November 09, 2021

What FATF’s Latest Guidance Means for DeFi, Stablecoins and Self-Hosted Wallets

By Yaya J. Fanusie

The Financial Action Task Force (FATF)’s long-awaited update to its guidance on virtual assets lays out a comprehensive set of guidelines to regulate the quickly evolving cryptocurrency space. With this update released, digital assets firms in the coming years are likely to encounter more clarity on anti-money-laundering and combatting the financing of terrorism (AML/CFT) regulations around the globe, even if some jurisdictions do opt for more restrictive policies than others.

The intergovernmental body’s updated guidance should not surprise anyone who has been tracking regulator discussion on crypto illicit finance, but it does address topics that have faced great regulatory uncertainty, such as decentralized finance (DeFi), stablecoins and “travel rule” compliance.

CBDCs will likely be regulated as fiat currencies and including them under the guidance for permissionless virtual assets may complicate matters.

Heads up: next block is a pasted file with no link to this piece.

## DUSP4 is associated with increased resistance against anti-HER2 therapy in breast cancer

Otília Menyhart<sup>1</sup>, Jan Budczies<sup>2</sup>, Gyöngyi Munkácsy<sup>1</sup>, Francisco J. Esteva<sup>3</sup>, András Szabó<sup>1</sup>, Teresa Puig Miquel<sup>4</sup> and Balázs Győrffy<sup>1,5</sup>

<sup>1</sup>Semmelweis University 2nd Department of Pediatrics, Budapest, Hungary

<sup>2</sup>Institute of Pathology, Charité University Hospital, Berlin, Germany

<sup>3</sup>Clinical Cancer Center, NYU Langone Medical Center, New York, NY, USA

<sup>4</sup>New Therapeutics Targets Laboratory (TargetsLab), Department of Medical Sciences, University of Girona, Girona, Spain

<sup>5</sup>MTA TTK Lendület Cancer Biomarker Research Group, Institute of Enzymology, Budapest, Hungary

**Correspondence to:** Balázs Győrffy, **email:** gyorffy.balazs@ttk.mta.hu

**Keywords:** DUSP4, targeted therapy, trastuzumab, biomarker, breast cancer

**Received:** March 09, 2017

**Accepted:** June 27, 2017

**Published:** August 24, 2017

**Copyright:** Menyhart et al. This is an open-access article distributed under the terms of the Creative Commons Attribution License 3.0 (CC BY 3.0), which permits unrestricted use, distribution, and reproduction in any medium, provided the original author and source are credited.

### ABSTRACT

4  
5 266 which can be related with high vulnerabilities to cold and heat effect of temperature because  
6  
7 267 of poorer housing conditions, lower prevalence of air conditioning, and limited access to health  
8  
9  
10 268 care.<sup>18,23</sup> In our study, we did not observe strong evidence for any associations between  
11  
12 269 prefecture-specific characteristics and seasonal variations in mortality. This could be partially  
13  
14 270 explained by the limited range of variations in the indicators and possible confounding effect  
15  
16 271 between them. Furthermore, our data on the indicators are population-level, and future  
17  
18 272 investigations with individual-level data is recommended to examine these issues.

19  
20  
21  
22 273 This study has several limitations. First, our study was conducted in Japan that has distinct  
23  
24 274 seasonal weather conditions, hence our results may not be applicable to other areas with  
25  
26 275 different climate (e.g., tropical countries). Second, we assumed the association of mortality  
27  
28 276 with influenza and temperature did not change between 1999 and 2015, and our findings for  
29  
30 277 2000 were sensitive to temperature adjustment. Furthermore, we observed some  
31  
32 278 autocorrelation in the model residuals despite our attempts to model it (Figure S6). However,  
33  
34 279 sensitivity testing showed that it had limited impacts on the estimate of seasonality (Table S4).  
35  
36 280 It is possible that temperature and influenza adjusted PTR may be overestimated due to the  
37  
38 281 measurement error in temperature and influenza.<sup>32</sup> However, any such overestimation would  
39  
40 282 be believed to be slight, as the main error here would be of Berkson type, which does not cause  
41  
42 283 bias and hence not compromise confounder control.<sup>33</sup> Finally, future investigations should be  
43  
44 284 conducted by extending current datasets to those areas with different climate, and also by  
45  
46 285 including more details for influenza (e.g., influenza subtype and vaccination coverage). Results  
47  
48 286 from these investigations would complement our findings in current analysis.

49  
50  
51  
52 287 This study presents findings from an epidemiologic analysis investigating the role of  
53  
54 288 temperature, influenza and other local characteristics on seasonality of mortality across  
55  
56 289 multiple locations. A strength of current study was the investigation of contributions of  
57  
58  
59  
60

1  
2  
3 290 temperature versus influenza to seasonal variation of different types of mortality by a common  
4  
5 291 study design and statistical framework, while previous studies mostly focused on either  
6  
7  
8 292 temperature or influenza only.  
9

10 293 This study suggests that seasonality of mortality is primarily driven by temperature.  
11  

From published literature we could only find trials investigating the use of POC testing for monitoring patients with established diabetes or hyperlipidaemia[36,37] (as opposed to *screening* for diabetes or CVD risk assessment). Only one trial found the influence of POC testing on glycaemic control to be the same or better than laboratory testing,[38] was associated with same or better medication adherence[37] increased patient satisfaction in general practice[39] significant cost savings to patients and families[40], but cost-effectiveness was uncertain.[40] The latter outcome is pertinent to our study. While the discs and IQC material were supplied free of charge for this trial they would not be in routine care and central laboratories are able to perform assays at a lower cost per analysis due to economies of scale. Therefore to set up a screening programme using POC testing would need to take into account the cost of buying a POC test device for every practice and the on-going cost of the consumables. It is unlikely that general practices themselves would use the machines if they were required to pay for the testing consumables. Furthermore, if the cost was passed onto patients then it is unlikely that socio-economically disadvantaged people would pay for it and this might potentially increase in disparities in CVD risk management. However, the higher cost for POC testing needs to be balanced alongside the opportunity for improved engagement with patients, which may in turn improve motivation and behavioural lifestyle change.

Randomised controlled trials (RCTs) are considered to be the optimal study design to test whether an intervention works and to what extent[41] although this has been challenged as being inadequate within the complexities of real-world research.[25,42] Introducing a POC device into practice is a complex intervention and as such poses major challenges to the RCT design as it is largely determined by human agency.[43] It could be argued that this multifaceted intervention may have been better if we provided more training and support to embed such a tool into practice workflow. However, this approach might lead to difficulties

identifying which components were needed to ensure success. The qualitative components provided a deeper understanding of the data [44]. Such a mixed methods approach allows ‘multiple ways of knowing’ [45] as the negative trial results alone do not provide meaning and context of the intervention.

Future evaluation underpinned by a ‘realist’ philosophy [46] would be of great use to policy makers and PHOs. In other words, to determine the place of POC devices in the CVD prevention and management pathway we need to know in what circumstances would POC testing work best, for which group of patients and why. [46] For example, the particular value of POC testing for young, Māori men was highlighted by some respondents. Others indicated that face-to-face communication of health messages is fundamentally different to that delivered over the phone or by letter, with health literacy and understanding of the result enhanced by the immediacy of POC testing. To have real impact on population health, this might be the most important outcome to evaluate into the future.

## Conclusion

What it offers is not one way of dealing with these issues, but it unpacks and defines the risks that jurisdictions must address, often providing a diversity of approaches to keep emerging digital asset developments within a solid regulatory perimeter.

Here are some key takeaways for regulators, along with practical implications for the digital asset industry.

DeFi usually isn’t decentralized—FATF warns regulators to not blindly accept the crypto industry marketing that loosely calls various platforms “decentralized.” In function, these platforms typically have a natural, if not legal, person somewhere who controls or influences their activities. The term “controls or influences” is key and offers a framework to analyze who should be the entity obliged to follow AML/CFT regulations. In FATF’s view, almost all DeFi platforms are still Virtual Asset Service Providers (VASP). FATF offers a broad playbook for bringing DeFi platforms under regulatory oversight, including one suggestion that if a DeFi platform truly has no entity running it, a jurisdiction could order that a VASP be put in place as its obliged entity.

Read the full article from Coindesk.

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